The new version of Harry Potter and the Cursed Child in Melbourne has officially opened. It condenses an enthralling theatre epic initially produced in two parts over nearly six hours into a single sitting, which is good news for anyone turned off by the play’s length or cost.
You may now take the Hogwarts Express and travel around the wizarding world in one sitting, missing none of the action. Almost all of the jaw-dropping visual effects have been kept – gravity-defying magic duels, frightening Dementors floating overhead, confectionery that causes steam to emerge from the chewer’s ears – and it remains a must-see, particularly for younger Harry Potter fans.
In other ways, the truncated version isn’t any better than the full version, and those who were fortunate enough to witness Cursed Child in its complete form will have little desire to watch it again.
Keeping all of the stage magic means sacrificing part of the theatrical sorcery that made it so captivating. The level of complexity in the two-character parter’s development was one of the things that struck out. The delight of knowing how Harry and Ginny, Ron and Hermione, and even Draco Malfoy turned out as middle-aged adults struggling to parent their children is diminished by removing so much conversation. It also throws off the delicate balance of drama and charm. Despite a more intricate and colored depiction of the story, the spectacle never overshadowed the emotions or hardships that both muggles and magical folk faced. In the stage, the time, has different laws. The shorter version, curiously enough, feels longer. A fully assured dramatic tempo gives way to an expositional manner as careening and unsteady as a first-year at Hogwarts trying to fly a broomstick in this frenetic abridgment.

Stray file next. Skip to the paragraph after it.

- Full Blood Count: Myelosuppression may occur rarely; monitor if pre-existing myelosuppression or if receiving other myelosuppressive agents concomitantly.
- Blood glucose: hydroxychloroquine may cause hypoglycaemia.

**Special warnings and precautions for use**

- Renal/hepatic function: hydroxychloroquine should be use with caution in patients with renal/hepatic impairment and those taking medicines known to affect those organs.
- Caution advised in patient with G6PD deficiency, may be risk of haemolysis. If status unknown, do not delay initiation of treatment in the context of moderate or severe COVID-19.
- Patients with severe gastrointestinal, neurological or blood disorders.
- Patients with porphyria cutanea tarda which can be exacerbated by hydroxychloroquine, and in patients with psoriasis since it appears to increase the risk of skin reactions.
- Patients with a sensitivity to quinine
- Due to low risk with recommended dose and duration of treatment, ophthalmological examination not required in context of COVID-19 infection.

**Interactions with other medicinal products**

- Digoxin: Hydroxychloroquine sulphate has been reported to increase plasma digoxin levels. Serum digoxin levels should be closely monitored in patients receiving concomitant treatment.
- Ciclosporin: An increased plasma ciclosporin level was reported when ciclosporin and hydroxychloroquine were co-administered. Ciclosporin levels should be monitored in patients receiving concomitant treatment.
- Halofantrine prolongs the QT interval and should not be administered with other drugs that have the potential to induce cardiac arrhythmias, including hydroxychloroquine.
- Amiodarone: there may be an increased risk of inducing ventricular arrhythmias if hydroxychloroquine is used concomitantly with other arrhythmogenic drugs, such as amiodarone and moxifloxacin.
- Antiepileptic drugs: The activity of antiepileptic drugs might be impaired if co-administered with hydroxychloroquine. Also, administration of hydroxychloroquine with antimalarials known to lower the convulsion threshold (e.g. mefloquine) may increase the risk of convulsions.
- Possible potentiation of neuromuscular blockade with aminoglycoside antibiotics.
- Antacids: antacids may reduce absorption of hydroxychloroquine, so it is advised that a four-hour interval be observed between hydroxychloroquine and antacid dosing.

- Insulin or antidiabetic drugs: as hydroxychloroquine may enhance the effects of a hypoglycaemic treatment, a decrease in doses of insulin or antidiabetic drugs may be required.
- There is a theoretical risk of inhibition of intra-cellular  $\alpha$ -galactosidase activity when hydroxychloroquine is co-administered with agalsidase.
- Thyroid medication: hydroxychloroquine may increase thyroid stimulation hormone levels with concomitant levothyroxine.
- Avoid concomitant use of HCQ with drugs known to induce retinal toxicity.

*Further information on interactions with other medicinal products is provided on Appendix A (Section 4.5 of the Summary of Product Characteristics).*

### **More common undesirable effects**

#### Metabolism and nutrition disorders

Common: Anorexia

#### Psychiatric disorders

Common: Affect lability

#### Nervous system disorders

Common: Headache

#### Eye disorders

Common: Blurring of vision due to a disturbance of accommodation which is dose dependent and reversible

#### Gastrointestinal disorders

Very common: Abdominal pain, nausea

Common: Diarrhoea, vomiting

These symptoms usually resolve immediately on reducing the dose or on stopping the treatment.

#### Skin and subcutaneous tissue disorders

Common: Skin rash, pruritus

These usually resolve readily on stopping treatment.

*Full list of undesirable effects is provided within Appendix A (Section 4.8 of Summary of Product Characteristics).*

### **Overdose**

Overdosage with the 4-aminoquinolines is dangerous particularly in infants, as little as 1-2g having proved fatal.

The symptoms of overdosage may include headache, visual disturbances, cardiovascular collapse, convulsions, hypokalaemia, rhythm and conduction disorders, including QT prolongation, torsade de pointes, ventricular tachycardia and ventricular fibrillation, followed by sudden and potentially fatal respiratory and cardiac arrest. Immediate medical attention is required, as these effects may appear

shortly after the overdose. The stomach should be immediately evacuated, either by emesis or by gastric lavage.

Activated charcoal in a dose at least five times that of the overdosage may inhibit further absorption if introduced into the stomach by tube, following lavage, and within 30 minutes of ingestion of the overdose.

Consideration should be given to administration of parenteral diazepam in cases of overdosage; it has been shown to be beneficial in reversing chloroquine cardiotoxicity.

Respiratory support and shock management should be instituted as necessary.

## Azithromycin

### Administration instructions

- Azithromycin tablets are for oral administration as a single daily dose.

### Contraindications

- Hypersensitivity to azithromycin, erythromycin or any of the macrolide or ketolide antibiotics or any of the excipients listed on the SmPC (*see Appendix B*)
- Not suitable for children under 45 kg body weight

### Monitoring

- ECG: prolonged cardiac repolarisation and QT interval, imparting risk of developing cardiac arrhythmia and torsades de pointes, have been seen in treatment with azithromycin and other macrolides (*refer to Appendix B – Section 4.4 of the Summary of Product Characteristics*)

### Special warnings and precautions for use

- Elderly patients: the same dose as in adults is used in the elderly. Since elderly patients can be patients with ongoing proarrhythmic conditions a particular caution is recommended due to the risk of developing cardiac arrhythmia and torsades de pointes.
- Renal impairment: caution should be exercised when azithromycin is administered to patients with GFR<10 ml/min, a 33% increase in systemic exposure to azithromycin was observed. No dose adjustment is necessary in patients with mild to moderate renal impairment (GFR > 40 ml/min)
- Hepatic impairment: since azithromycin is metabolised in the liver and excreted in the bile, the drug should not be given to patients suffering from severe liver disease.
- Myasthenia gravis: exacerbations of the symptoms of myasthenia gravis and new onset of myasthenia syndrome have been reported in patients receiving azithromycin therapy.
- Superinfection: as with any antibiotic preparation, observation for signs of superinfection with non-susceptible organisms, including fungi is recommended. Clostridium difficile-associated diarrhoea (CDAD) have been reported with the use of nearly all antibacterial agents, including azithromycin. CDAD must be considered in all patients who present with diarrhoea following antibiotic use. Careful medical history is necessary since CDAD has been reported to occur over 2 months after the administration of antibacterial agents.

Despite the faster pace and sparser dialogue, the cast has always been fantastic in the Australian version, and it’s incredible how much of the show’s heart they manage to keep. Ben Walter and Nyx Calder play Albus Potter and Scorpius Malfoy, keeping the buddy story alive, humorous, and confirmed between two tormented teenagers. Even if this rendition resorts to gratuitous dredging up of homoerotic subtext rather than the more delicate, subtle, and ambiguous hint in the original, the youthful sensitivity (and instability) they bring to the roles are a joy to see. As a married Harry and Ginny Potter, Gareth Reeves and Lucy Goleby manage to convey their characters’ profound bond, and David Ross Paterson as Snape remains a snaky joy. The clever and funny contrast between Paula Arundell’s Hermione and Michael Whalley’s Ron is elegantly delineated but lacks the nuance that makes it lovable. One prominent narrative flaw is the lack of attention given to Delphi Diggory (Jessica Vickers), Albus and Scorpius’ friend. When she scarcely appears in the first half of the play, it’s difficult to elicit an emotional response to the crucial plot twist she plays a part in and the flip side of the orphan story she represents. Even in the hands of accomplished actors, the emotional shorthand can devolve into sentimentality. Americans are less resistant than Australians, and I think the abridged Cursed Child would do better on Broadway than in Melbourne. That’s not to say I wouldn’t want to see it in New York. That is perhaps the best abbreviation of the play that you’ll find anywhere. It’s a stunning stage rollercoaster across the Potter universe, and audiences who don’t have the extended version to compare it to should have a great time.